Education and Ethics: “Educating the mind without educating the heart is no education at all.”― Aristotle
05 OCTOBER 2018
A friend of mine wrote her PhD thesis on a very interesting subject which dealt with the thorny problem of cheating in school. She examined the future lives of the students who had cheated. She wondered how these students would fare in their future work lives, taking into consideration their behaviour in school, which had not been adequate. Her findings and her subsequent work teaching human resources and leadership in local universities intensified my understanding of the importance of working with young students with regards to their behaviour, helping them to understand the difference between right and wrong from a very early age.
It is perhaps too late for people to understand what it means to be ethical at the ripe old age of 30/35 when they are sitting down to do an MBA or Masters degree in a renowned business school –in an institution where the teaching of ethics may be nonexistent or non-obligatory. Those mature students needed to understand correct behaviour at a young age, they needed an introduction and understanding of ethical behaviour all the way through their educational paths.
A recent article I read on teaching students to be ethical caught my attention. The author explained how, for the last 10 years, she has attended conferences where the same question – « whether ethics can be taught » has been asked time and time again. She wonders whether we shouldn’t be asking for guidance on how to teach this indispensable subject, rather than asking the question as to whether it is necessary.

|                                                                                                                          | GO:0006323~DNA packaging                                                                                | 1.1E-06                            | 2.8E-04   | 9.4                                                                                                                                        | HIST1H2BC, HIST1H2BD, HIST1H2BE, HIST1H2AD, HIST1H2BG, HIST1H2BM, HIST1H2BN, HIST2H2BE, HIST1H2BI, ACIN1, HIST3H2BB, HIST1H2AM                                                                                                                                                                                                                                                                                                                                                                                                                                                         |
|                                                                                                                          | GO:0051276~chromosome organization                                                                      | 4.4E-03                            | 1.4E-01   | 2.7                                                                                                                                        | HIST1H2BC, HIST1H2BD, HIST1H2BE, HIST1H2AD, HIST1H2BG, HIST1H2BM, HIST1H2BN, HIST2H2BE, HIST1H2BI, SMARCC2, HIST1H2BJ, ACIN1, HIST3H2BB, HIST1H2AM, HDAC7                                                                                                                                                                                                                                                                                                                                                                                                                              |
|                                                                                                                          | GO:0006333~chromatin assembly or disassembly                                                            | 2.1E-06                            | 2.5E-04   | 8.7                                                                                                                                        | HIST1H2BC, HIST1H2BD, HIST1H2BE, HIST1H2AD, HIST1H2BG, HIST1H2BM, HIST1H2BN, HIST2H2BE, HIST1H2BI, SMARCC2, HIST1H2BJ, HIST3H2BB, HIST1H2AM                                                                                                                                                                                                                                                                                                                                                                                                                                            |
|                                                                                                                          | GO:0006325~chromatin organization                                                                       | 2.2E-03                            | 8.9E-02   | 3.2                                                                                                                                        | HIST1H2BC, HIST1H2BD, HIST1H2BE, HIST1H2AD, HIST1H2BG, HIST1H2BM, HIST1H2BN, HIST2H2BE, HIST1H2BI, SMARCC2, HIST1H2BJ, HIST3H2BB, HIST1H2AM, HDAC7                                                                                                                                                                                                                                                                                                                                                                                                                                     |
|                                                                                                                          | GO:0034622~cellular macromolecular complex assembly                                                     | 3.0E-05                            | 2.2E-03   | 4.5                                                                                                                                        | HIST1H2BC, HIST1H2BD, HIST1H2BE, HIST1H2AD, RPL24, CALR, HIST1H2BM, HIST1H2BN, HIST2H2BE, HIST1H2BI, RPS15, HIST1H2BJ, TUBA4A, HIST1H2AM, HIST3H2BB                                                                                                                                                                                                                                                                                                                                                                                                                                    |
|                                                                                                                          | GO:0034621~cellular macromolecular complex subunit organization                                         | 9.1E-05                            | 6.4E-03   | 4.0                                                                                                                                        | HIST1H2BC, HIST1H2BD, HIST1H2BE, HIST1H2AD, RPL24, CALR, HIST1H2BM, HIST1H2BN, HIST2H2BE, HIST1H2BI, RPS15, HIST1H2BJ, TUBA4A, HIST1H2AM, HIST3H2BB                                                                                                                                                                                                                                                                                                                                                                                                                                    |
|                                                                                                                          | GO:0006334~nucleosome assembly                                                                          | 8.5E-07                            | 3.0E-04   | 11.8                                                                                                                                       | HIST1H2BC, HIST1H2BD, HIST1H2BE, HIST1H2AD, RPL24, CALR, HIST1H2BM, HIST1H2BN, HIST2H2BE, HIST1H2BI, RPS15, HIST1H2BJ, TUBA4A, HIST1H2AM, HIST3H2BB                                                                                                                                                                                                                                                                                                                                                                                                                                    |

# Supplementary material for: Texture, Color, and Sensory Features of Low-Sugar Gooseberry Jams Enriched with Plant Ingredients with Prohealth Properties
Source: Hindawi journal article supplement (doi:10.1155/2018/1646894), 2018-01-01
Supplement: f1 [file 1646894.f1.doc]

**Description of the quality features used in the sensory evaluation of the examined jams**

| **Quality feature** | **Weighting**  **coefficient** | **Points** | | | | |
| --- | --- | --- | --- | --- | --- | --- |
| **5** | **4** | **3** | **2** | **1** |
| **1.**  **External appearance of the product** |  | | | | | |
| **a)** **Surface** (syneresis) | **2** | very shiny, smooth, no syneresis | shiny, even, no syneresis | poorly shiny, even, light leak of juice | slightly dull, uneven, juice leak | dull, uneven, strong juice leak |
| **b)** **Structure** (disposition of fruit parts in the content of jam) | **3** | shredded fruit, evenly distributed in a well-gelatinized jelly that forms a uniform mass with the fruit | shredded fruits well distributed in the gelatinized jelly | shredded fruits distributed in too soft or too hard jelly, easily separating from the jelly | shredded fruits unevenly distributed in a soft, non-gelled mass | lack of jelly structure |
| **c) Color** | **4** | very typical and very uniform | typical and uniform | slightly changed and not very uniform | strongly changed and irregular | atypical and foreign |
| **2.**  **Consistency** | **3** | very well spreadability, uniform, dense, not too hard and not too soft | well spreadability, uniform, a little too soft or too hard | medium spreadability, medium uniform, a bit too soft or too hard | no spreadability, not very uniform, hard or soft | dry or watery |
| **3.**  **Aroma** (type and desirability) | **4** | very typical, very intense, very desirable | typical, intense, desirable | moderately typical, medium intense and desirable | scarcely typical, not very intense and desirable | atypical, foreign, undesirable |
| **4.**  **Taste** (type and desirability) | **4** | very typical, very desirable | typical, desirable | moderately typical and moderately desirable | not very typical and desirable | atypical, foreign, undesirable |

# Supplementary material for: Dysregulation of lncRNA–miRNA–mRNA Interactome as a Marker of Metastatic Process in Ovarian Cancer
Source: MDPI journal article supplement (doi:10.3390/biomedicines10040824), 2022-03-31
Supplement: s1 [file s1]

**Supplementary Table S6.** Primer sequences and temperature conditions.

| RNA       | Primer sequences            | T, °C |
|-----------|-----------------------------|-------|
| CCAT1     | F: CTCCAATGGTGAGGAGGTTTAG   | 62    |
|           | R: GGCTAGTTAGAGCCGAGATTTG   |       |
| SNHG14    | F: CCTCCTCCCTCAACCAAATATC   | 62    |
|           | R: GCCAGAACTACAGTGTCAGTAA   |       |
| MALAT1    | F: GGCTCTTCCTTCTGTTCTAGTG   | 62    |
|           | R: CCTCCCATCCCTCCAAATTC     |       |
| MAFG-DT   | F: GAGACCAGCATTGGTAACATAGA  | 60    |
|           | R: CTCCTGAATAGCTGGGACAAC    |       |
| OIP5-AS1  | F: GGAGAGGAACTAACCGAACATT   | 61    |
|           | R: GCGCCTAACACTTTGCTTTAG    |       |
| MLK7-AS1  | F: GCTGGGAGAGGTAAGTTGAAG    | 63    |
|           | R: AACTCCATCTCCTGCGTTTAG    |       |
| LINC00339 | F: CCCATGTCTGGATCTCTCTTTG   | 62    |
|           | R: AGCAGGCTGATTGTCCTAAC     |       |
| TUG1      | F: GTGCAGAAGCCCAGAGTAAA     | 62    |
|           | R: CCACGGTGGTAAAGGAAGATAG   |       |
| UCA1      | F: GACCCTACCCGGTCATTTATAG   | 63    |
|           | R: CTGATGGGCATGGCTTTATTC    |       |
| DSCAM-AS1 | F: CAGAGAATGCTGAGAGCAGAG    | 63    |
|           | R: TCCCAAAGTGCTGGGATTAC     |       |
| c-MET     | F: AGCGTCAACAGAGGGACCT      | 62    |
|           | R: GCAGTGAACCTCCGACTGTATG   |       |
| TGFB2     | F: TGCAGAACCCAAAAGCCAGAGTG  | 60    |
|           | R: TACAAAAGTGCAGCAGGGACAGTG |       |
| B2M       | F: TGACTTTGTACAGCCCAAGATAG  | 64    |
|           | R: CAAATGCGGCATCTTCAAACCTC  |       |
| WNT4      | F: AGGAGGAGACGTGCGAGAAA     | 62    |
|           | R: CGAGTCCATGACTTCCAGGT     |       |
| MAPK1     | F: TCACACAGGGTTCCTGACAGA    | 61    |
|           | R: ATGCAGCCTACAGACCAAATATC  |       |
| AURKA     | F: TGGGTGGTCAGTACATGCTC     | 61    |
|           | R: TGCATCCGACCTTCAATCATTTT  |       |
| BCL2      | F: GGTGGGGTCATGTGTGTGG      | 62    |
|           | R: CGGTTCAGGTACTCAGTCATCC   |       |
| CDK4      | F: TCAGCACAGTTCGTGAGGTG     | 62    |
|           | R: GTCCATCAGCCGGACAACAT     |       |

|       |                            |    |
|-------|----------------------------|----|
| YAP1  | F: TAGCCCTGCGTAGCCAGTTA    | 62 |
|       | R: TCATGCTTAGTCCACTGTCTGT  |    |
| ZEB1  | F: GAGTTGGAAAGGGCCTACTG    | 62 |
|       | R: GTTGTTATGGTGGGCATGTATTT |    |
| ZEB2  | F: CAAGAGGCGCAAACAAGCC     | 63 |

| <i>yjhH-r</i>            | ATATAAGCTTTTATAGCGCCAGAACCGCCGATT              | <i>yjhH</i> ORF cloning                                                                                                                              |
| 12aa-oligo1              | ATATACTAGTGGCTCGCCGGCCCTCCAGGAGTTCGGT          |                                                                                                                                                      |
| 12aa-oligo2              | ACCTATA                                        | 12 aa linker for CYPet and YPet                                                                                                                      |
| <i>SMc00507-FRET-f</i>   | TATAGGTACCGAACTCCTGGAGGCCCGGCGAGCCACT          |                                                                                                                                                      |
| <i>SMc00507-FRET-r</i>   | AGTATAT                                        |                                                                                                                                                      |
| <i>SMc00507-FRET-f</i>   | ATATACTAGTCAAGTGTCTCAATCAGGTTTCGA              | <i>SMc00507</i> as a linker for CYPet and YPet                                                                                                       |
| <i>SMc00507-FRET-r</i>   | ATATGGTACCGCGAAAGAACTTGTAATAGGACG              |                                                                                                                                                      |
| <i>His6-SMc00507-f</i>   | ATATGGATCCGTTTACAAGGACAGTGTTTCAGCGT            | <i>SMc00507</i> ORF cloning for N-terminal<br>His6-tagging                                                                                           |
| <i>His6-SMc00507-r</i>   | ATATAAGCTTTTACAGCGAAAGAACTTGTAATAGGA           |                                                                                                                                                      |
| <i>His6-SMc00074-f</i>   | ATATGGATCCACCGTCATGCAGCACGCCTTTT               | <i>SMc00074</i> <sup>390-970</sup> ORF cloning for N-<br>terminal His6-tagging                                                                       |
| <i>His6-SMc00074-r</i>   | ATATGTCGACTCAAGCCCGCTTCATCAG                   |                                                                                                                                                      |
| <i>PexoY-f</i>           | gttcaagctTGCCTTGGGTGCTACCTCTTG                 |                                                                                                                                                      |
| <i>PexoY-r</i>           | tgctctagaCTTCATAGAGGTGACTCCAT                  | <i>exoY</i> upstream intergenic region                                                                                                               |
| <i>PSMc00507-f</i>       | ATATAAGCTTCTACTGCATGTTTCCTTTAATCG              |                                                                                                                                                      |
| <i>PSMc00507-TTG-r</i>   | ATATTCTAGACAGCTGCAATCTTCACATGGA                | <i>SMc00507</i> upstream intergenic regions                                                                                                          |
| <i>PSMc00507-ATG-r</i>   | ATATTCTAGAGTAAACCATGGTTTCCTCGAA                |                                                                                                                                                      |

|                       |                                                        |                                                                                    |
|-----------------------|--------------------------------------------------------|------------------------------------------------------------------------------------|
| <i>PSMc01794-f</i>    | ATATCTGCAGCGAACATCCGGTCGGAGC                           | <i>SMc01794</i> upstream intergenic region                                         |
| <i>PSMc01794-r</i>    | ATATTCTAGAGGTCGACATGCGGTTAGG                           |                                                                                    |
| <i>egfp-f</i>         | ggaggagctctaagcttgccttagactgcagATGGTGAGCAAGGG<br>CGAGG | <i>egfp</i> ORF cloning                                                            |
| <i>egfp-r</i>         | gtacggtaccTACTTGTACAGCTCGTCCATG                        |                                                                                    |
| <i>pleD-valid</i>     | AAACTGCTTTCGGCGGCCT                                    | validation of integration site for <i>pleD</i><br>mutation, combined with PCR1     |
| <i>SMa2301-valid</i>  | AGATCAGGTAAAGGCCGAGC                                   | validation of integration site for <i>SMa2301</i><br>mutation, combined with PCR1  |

Although this article was aimed at business students and business schools there were aspects, in my opinion, that apply to all school systems and students of all ages. The author suggested that schools should make room for ethics, should go beyond what is right and wrong and help people to understand the reasons and impacts of their behavior. Giving students the courage to ask the right questions and the confidence to make what they believe to be the right decisions, was a suggestion I found to be invaluable.
Our students are growing up in a world that is complex, they are inundated with information, both real and fake and it is difficult for them to distinguish between the two. The rest of us are equally confused (count me among the confused) as it has become so hard to distinguish between fact and fiction in these complex times. That being the case, as educators and adults, we bear the responsibility and the duty to give the example of how to live life in an ethical, correct way.
Deep discussions between educators and students where we give our young people the confidence to ask us the difficult questions, where they feel they are heard and understood, where they hear from enlightened speakers with proven credibility, where they are taught to be courageous in the face of difficulty- that is our job. Perhaps, if we get this right, our students will be the forward thinking people encountered in the future in enlightened workplaces, universities and business schools. If so they will make the world a better place and we will have carried out our mission to educate our students to be a force for good in our world.